Reform rabbis adopt LGBT-friendly prayer book
by Matthew S. Bajko
In time for the start of the Jewish High Holidays, which begin this Sunday with Rosh Hashanah, the Jewish New Year, Reform rabbis across the U.S. will be using a new LGBT-friendly prayer book for the first time.
Known as the "Machzor," the new prayer book is being published by the Central Conference of American Rabbis. It was last updated in 1978, and the new version has been in the works since 2008.
The changes, noted the conference, include making all prayers LGBT-friendly, adding references to God as "she" and as "compassionate mother," and making "room for the doubt that all of us feel when confronting our identities."
"It's a major effort by America's Reform rabbis to change worship to match the needs and drives of today's Jews," according to a statement from the rabbi conference.
One change, in light of the fact same-sex couples can now legally marry, was made to a prayer that traditionally referred to a "bride and groom." It now names "couples celebrating under the chuppah (marriage canopy)."
Another update added contemporary voices, like gay poets Walt Whitman and Allen Ginsburg, who now "sit next to" the prayer book's ancient Torah texts. The entire book, noted the rabbi group, is now "laid out and footnoted in a way that will invite a personal spiritual journey, and not just the rote call-and-response of traditional worship."
A number of Reform congregations in the Bay Area, from San Jose to San Rafael, and across California will be using the new prayer book. More than 300 synagogues from across the country have ordered the updated Machzor.
"I love the book; it is an amazing book. It gives people the opportunity to really enter into the High Holidays and open themselves up and speak to them in a much more meaningful way," said Rabbi Barnett J. Brickner with Temple Israel in Alameda.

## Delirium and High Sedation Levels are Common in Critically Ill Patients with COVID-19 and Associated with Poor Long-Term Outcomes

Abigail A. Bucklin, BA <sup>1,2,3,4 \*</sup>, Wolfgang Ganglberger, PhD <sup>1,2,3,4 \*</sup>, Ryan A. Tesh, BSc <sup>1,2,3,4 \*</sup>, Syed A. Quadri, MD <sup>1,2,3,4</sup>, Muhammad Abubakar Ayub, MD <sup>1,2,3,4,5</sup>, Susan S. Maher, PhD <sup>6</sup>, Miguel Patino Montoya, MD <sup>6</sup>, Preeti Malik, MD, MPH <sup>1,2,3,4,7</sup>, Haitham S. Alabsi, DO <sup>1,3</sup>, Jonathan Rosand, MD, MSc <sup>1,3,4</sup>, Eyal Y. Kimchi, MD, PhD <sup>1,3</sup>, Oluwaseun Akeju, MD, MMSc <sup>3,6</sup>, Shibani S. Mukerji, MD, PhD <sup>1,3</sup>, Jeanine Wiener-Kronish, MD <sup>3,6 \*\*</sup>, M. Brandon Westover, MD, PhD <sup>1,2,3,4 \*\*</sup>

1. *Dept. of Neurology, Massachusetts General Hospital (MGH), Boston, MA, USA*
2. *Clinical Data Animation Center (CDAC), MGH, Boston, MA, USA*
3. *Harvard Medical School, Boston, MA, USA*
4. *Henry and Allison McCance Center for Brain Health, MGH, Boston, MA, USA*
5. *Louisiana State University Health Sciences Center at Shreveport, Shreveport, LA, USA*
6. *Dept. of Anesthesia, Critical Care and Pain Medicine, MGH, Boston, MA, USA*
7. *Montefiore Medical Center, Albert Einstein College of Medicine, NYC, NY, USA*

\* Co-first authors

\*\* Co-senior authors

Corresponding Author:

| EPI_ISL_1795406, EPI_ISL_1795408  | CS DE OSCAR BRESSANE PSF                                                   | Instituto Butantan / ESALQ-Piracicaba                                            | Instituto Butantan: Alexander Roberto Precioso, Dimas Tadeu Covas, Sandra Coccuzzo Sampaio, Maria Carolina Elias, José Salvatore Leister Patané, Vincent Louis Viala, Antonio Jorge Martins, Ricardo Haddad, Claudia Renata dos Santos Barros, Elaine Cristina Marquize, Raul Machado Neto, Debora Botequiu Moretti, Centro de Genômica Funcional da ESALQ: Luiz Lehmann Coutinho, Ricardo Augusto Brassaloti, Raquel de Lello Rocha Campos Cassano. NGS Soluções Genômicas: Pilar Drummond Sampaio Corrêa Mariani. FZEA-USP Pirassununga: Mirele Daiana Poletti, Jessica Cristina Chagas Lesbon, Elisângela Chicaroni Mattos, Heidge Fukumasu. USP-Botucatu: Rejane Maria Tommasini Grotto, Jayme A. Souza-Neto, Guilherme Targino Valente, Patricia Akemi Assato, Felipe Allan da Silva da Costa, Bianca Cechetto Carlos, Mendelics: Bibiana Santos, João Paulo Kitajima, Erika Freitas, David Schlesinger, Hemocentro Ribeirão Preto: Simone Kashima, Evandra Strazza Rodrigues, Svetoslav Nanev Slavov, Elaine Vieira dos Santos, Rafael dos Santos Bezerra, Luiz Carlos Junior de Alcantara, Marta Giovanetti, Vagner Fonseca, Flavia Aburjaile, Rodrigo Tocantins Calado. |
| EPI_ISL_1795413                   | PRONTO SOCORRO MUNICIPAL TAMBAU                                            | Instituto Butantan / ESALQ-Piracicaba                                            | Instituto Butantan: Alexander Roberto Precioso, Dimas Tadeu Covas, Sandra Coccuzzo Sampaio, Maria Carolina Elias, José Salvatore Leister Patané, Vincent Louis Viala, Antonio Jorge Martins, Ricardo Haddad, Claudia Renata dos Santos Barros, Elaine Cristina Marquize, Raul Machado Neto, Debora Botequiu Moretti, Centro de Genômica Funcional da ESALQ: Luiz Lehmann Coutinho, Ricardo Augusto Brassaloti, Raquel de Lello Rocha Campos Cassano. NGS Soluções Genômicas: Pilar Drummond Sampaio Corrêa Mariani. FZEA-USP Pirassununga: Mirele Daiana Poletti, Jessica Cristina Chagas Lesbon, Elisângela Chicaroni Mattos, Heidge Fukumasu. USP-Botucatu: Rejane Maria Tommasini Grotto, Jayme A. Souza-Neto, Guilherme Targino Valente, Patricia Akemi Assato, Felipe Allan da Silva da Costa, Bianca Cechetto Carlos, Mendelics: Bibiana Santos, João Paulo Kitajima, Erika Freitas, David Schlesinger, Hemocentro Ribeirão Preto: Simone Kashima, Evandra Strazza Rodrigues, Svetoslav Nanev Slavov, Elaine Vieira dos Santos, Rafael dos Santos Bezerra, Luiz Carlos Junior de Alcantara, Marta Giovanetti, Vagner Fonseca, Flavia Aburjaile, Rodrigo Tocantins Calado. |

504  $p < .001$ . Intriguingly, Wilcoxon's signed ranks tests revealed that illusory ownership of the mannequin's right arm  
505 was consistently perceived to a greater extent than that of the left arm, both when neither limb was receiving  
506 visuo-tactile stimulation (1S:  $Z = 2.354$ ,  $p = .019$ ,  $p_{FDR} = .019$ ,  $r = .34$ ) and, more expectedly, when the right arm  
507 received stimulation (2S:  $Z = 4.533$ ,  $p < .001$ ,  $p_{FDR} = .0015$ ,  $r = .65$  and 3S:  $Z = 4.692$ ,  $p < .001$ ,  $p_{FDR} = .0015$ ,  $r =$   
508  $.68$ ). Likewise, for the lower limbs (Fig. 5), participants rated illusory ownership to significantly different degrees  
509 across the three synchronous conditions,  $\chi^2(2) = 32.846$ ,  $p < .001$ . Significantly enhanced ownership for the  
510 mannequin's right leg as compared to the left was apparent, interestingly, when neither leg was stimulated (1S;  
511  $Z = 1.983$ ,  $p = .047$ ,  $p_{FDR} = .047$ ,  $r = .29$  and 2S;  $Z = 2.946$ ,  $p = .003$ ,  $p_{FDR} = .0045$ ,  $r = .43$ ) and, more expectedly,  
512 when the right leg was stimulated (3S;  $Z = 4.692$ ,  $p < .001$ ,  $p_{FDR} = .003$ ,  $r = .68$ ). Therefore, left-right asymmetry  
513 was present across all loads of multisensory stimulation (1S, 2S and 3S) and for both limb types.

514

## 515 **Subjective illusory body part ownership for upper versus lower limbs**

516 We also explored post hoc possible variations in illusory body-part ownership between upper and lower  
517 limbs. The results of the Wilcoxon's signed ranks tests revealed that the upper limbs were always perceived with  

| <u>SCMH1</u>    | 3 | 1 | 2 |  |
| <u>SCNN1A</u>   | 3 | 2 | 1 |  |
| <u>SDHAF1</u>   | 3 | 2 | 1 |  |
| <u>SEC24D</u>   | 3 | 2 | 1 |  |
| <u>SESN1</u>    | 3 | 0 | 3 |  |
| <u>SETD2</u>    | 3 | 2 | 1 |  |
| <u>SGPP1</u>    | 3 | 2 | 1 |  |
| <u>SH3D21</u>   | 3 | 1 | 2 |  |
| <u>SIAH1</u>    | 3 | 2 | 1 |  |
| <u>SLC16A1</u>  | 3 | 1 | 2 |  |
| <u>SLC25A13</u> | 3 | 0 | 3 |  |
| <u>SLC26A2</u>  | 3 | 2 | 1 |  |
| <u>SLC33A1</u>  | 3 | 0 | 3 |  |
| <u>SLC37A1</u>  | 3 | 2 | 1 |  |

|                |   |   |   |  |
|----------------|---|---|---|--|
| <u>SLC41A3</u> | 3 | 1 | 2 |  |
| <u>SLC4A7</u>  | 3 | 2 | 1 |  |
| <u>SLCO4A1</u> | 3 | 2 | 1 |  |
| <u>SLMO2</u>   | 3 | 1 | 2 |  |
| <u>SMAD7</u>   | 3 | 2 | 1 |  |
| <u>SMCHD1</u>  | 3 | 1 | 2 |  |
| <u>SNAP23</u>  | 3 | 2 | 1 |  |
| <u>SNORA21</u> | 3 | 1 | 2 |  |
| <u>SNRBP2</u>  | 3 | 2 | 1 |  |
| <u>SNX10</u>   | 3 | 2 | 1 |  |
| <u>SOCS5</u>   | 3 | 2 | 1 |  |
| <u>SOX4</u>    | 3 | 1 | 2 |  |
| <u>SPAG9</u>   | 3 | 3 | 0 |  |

The 155-member congregation, which includes several LGBT families, will use the new prayer book for the first time during the Rosh Hashanah services Sunday. Brickner said the revisions speak to the diverse nature of his congregation.
"I think there is incredible inclusivity about it," he said. "I think it allows for opportunities for congregants to explore their own theology during the service. It allows them to pause and reflect on a certain prayer or moment in the service that speaks to them."
Congregation Emanu-El in San Francisco, whose members number between 5,000 and 6,000 and has several out rabbis, has ordered the new prayer book and plans to begin using it in 2016, said Cantor Marsha Attie. For years it has been using a "homemade" prayer book, noted Attie, that is LGBTQ inclusive.
"It is a process to transition a large congregation like this to a new prayer book," she said. "We will use it a little bit for Rosh Hashanah and Yom Kippur."
The congregation has used gender inclusive prayers and gender-neutral terms for some time, said Attie, in order to be inclusive of its congregants' sexual orientations and gender identities.
"It is the direction the Reform movement in Judaism has been going already for a long time. The Reform movement is among the most progressive and egalitarian thinkers in regard to prayer and inclusivity," said Attie.
As the congregation's music person, Attie said she has been updating the terminology in the songs it uses, especially at its religious school for children. It is a reflection of the many versions of today's families, where one parent, a guardian, or same-sex parents may be raising children.
"It has been years since we felt comfortable singing about 'my mommy and daddy.' We wouldn't do that anymore," she said. "We are kind of at the forefront with how we are using language with children."